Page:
Here's how it would work: Let's say you're looking at an article like Golden Gate Bridge and you want to find some similar articles. You'd click on a new item in the toolbox that says "find similar pages" and you'd see a list of all the outgoing links from the article. Next to every link there would be check boxes, and you could check off the ones you are interested in, and then click on a button that says "find similar pages". You'd get a list of all the articles that have the same combination of outgoing links. This is the intersection of all the articles that link to each tag.
The default for the tool would show similar pages in the same namespace. Other namespaces, or all namespaces could also be selected. This is the same as the proposed overhaul for "What links here".
There might be different ways to view the list of links to select when using the tool:
- Plain list. All the links appear in the order they first appear on the page.
- Alphabetical list. All the links on the page would be sorted alphabetically.
- Section lists. The links would appear in the order they appear in the article, and the section headings would also be displayed.
- Article view. This would display the page with the text in grey except for the links and the checkboxes that have been added.
- (Note: All four options are linked to mock-ups)
The major obstacle to this proposal might be server load. If all the selected articles have many thousands of incoming links, finding the intersections could possibly add too much to the server load. However, most general terms are not linked. For example, biographies rarely link the word 'person'. If huge intersections are a problem, there might be some ways to control them. If an article has a huge number of incoming links, it might be grayed out in the list. There is likely to be a similar, more specific link that wouldn't be grayed out. For example, if 'Bridge' had too many links, you'd be able to choose 'Suspension bridge'. Since the list of links will fairly long, this might not be too much of a limitation.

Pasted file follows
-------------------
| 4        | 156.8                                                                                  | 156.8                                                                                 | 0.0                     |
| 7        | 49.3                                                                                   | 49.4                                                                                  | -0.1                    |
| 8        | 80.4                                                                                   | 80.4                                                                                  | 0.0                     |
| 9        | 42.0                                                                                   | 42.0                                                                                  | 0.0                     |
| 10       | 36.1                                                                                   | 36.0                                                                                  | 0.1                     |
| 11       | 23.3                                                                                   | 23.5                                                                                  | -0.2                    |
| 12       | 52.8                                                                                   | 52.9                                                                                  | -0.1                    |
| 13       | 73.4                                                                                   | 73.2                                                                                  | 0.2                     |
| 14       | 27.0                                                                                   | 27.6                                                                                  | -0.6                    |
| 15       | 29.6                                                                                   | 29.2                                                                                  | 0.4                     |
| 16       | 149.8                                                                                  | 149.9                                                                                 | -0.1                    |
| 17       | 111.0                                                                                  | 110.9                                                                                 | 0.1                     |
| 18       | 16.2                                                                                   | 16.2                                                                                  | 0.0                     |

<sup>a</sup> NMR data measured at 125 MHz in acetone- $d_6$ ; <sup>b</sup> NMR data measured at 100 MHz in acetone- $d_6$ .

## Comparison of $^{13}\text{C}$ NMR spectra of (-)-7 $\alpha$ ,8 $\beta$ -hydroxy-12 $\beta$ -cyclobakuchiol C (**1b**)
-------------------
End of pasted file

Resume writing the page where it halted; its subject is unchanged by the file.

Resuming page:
- As I see the present database schema, fetching the intersection of pages that link to a set of pages should be quite an efficient operation, requiring less database access than the existing "what links here" (though it would require a bit more memory for the query optimizer). An indexed subset of an indexed subset (...) is something SQL should be able to handle quite well. --LDC (talk) 16:34, 25 February 2008 (UTC)
Changes to the categorization system
The goal of adding a link intersection system is to lift some of the burden now being carried by the categorization system. If link intersections are seen as the way to tag articles and do keyword searches, then this requirement would be removed from the categorization system. Many categories could probably be deleted, and many less categories that are now seen as over-categorizations would be created.
There are currently several overlapping views about the purpose of Wikipedia's categories:
- Categories are a tool for browsing
- Categories are a means of classifying articles
- Categories are an index of a subject
- Categories are used to do a database search (e.g. American Film Actors)
Using categories to do a database search is often in conflict with the other uses of categories. Categories get diffused into small specific grouping which depopulate the parent categories that serve as a general index. By having the tools to do link intersection, there would be less need to break up categories into very specialized small groups.
Proof of concept implementation
A working proof of concept implementation of Wikipedia:Link intersection and Wikipedia:Category intersection combined is available at